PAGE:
My new book, LATE CHECKOUT (out this coming Thursday, 9 June, by the way) was inspired in part by all the nights I’ve spent in hotels during my working life. I spent much of my day-job career in roles that involved extensive business travel. Business travel sounds exciting—and occasionally it can be—but mostly it involves traipsing, in some combination, from airport to railway station to to office to anonymous hotel and back again. Over the years, I became more adept at finding hotels with a little more character and charm, generally cheaper and more friendly than their chain equivalents. But often you’ve little practical choice about how you travel or where you stay, and you just have to make the best of what the fates land you with.
Sometimes the outcome can be positive. I’ve discovered a few excellent places over the years through accidents of geography. But often the results are—well, mixed. I recall staying in a small hotel in Paris where the built-in wardrobe smelt so disgusting that I was convinced there must be a body, human or otherwise, bricked up behind it. There was a hotel in the south-west where the menu offered a ‘melody of fish’—all frozen and breaded, even though the hotel was minutes from the sea, and with no trace of any tune. And then there was the hotel on the edge of a safari park (no, me neither) where I was woken in the night first by the sounds first of some big cat roaring immediately outside my window and second of an, um, over-excited couple in the next room. I don’t think there was any link between the two disturbances.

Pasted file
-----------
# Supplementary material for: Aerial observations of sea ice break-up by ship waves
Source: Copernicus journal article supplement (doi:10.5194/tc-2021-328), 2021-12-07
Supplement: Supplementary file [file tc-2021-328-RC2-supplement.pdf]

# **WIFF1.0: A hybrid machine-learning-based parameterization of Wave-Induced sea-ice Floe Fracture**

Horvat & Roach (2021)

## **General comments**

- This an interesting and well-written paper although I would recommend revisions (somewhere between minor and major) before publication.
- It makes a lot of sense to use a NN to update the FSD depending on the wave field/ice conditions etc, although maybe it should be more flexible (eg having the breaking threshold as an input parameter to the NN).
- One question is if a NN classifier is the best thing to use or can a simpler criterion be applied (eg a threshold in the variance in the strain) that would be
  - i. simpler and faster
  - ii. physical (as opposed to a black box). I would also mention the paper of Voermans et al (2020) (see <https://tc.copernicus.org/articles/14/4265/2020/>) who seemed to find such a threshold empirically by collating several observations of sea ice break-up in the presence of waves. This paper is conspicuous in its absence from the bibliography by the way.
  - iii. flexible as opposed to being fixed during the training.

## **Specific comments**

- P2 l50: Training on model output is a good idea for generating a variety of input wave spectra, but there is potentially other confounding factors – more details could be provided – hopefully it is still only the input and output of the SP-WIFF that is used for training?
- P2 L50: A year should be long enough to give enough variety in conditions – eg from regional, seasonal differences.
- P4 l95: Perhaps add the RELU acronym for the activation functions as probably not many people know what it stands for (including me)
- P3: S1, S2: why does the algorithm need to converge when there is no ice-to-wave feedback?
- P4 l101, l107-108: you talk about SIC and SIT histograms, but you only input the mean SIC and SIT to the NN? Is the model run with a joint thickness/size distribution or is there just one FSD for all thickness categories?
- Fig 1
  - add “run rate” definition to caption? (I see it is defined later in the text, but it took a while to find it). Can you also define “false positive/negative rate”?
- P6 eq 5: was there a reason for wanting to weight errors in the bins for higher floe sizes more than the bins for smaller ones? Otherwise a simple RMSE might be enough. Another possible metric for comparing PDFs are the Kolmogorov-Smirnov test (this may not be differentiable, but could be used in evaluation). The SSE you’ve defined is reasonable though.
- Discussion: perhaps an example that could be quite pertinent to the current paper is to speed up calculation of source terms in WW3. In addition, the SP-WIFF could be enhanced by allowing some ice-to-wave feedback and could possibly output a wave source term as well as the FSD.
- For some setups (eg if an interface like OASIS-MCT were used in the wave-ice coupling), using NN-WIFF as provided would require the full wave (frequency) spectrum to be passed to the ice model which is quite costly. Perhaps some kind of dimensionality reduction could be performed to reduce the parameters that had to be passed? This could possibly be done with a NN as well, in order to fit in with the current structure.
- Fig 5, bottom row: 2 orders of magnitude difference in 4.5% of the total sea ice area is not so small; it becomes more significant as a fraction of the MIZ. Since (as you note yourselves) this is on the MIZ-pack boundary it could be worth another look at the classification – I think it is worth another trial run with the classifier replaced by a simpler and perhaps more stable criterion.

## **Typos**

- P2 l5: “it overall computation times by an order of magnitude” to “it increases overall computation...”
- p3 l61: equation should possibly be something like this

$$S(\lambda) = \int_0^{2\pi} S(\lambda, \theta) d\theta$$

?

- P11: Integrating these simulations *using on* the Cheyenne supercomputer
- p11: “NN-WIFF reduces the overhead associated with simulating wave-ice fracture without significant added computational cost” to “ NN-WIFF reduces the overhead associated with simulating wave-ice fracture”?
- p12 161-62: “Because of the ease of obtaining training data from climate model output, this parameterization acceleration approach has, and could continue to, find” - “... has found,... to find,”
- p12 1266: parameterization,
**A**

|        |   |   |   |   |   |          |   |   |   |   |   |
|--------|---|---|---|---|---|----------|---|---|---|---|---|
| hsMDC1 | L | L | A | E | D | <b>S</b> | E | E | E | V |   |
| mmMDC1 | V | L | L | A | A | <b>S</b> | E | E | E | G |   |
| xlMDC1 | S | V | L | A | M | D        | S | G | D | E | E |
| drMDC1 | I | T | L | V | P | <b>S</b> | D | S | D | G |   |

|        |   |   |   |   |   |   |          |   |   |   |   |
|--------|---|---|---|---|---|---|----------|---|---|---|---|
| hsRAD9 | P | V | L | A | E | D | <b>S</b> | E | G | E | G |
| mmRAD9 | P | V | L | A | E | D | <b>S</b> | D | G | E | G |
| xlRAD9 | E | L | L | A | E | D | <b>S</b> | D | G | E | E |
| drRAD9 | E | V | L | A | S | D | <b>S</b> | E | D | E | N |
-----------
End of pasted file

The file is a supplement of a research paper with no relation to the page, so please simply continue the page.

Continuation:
Of course, as a writer, you mostly spend your time in hotels watching and speculating about the other guests. I spent several weeks staying in a bleak budget hotel in an industrial suburb of Paris where, for a number of days, my dinner was enlivened by two earnest Gauloise-smoking young men sitting nearby. They looked like characters from a Godard film and I began to envisage them as professional hit-men, whisperingly preparing their next job in that anonymous place. When they ceased appearing in the restaurant, I imagined that they had completed their work and moved on into the trans-European twilight. They no doubt worked in IT. But their fictional equivalents have made more than one appearance in my subsequent books.
Mostly, though, I’ve just been fascinated by the whole hotel experience. If you’re in the right (or wrong) frame of mind, there’s sometime uniquely eerie about hotels—particularly soulless business hotels. They have the same feel across the world. A pretence of luxury that’s often barely functional. The knowledge that, in many cases, the illusion is being maintained by staff who are poorly paid and often badly treated. Above all, the mystery of quite who might be living, only a few feet away from you, in the identical room next door.
It was that last question that provided the genesis of LATE CHECKOUT. The hotels in the book are a varied bunch. They are all, I should stress, entirely fictional, though inspired by countless places I’ve stayed in over the years. In all of them, though, someone is waiting just along the corridor…